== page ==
<israel@...>           is praiseworthy.(from the Hagadah of Pesach)


From: Sigrid Peterson <SIGPETER@...>
Date: Thu, 1 Apr 93 11:34:15 -0500
Subject: Re: Jewish Calendar Programs

Shlomo Kalish asked where he could get a program to calculate the calendar.

There are several in the Kabbalah Software Catalog that I received along with
the annual catalog for 1-800-JUDAISM. Also, Kabbalah Software is on-line as
<Kabbalah@...>; phone (908)572-0869.

Sigrid Peterson

From: <ljd@...> (Leon Dworsky)
Date: Thu, 1 Apr 93 02:29:29 -0500
Subject: Jewish Calendar Programs

There are several Hebrew Calndar computer programs.        
By far the best I've seen is one called *JCAL* which  is
distributed as shareware.  It includes several utilities
and a 39k text file explaining how the Luach itself works!
You can find it on most bulletin boards.  However, you can order
it direct using the following info from the end of the above text
file.  I would imagine that by now the price is a bit higher, as
this item is from a May 1990 version.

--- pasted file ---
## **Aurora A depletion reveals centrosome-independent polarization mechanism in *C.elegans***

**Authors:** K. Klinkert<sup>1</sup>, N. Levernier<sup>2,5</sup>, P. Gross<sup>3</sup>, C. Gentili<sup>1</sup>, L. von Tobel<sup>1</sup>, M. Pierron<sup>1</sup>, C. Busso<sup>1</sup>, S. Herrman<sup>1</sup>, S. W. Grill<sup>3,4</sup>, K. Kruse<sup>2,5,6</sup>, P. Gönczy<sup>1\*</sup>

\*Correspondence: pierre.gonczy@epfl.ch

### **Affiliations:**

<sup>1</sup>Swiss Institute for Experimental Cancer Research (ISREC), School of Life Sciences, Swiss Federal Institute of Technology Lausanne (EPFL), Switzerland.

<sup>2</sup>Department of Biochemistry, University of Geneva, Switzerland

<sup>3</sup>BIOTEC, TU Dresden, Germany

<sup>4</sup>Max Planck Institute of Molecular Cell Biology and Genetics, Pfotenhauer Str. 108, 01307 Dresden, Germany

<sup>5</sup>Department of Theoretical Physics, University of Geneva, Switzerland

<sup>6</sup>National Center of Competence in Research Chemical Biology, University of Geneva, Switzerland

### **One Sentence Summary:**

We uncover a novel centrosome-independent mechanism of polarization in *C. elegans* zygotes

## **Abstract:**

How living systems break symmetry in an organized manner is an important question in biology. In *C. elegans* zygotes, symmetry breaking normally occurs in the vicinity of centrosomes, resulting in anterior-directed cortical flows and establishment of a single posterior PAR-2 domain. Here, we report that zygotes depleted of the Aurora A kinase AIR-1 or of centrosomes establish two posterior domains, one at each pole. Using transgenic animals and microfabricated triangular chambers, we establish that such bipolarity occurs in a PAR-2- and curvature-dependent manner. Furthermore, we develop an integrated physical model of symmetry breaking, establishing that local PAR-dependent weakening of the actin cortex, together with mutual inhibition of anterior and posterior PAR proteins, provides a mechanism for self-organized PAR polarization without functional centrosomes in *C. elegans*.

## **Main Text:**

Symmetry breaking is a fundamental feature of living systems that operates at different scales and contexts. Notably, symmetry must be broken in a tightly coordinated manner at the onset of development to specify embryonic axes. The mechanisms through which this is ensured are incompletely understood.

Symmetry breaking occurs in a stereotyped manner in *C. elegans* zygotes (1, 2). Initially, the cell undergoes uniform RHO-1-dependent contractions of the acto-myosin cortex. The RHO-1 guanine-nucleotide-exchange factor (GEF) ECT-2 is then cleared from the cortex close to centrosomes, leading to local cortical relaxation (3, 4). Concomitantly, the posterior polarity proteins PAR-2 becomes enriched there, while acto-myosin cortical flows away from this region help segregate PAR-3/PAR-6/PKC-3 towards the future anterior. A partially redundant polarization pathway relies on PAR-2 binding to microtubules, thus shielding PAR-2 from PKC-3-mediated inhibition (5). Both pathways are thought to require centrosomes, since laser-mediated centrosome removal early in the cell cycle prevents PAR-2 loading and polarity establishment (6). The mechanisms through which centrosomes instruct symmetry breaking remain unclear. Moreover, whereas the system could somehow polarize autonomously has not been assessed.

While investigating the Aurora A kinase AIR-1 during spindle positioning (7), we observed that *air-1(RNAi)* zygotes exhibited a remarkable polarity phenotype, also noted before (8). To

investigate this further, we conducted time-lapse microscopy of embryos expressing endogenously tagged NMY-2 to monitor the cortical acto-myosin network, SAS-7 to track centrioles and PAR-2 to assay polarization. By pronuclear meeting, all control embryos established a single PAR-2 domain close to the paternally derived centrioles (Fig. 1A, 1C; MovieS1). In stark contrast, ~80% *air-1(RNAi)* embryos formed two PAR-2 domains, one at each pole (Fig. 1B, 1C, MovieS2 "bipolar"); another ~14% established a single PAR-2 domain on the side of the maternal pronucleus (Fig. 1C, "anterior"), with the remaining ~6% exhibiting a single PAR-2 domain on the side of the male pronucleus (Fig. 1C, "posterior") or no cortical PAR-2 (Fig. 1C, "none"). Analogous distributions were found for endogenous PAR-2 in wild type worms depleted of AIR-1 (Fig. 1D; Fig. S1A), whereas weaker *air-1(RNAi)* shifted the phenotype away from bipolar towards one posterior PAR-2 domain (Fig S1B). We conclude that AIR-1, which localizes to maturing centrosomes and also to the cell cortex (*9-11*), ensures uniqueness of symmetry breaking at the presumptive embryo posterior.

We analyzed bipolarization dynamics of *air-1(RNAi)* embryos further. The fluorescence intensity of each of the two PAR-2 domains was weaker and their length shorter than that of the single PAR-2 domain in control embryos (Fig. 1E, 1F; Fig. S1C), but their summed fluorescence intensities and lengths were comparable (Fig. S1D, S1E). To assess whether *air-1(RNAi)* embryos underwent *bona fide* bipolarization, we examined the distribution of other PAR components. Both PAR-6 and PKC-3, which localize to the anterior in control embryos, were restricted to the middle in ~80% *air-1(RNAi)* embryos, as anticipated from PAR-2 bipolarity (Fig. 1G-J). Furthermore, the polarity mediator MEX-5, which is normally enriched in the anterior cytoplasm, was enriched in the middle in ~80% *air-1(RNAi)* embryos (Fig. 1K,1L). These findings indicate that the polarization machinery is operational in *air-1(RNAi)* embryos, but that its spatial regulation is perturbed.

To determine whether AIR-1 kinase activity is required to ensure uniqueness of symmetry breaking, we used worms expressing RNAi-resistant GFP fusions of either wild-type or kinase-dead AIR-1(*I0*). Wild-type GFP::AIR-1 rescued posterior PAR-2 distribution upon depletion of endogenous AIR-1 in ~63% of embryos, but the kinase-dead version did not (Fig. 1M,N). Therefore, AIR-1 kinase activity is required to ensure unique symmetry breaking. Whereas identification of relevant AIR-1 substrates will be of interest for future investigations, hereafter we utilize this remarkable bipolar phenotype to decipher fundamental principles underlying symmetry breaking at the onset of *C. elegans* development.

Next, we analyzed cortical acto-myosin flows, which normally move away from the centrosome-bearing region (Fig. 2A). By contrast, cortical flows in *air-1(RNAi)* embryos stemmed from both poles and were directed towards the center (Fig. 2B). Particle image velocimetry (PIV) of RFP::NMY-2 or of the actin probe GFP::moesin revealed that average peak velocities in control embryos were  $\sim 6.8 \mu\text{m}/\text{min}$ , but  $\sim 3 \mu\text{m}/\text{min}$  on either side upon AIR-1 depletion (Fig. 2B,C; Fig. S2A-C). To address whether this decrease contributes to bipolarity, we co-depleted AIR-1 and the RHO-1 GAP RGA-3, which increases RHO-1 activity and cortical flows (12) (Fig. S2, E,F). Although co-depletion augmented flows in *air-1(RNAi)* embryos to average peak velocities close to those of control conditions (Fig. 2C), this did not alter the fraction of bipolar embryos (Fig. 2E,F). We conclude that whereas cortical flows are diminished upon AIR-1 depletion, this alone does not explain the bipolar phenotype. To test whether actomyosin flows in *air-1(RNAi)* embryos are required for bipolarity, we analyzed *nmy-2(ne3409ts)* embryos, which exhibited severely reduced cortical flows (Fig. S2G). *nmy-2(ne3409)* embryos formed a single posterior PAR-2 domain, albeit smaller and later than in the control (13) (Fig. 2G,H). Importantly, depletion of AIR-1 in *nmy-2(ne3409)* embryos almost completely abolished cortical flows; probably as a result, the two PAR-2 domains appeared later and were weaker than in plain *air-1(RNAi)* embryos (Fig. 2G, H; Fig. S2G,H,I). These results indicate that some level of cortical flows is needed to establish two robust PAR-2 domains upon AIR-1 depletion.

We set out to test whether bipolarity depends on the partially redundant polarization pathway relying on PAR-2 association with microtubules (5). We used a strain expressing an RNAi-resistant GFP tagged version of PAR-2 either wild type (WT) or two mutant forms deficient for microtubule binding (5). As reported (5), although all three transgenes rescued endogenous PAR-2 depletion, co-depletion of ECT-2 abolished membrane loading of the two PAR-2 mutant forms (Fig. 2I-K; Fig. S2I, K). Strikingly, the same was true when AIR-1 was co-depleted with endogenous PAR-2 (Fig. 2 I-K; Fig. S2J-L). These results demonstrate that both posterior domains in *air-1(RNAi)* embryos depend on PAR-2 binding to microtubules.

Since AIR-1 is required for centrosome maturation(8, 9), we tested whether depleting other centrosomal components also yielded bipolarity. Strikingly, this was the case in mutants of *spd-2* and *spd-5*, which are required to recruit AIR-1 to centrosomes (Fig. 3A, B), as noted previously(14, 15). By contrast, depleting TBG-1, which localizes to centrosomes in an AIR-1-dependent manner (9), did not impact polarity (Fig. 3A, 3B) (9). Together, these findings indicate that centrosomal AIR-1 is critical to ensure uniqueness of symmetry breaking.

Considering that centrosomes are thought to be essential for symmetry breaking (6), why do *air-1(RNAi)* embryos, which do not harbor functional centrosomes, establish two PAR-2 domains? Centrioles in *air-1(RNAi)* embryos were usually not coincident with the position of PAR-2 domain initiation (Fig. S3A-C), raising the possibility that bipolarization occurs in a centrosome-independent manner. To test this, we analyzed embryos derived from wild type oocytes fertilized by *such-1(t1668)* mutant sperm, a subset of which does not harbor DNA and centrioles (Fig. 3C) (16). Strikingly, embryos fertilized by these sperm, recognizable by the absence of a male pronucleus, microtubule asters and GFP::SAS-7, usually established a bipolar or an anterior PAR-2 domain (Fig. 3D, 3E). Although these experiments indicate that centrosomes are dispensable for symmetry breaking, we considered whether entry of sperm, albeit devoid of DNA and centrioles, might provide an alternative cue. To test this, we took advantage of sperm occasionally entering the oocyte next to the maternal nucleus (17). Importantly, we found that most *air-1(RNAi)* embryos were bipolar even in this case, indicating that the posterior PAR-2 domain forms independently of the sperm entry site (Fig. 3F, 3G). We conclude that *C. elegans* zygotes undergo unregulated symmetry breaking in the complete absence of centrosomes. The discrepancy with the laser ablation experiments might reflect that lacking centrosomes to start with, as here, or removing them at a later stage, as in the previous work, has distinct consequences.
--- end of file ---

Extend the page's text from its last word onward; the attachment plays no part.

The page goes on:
>     Rather than marketing these programs I am distributing them as
> Shareware.  Try the programs at no charge.  They are not copy protected
> and you may distribute them freely to others.  If you find them useful
> and continue to use them you must pay the $18 registration fee.  Send
> the registration fee along with the program revision number (from the
> opening screen) to:
> Lester Penner
> 25 Shadow Lane
> Great Neck, NY 11021
> (H) 516 466-5574
> (W) 516 273-3100
>     Please send only US currency; no Canadian checks.
>     You may send information about bugs to the same address
> or to Compuserve 75236,1572.
> Enjoy,
> Les



From: <jont@...> (Jonathan Traum)
Date: Thu, 1 Apr 93 18:44:04 -0500
Subject: Non-Wheat Matza

If matza can be made from any of the five grains that can become chametz,
has anyone actually ever seen matza made from rye, oats, etc.? Wouldn't
it be nice to have some corned beef on rye matza? And I'll bet somebody
could make a killing marketing "Oat Bran Matza"!

Jonathan Traum
<traum@...>, 	jont@dsg3100.harvard.edu


From: Benjamin Svetitsky <FNBENJ@...>
Date: Thu, 1 Apr 93 17:55:34 -0500
Subject: Pesach in the desert

This subject is discussed in commentaries to Numbers 9:1-5, especially
Rashi and the Ramban.  Apparently Pesach was NOT observed by the people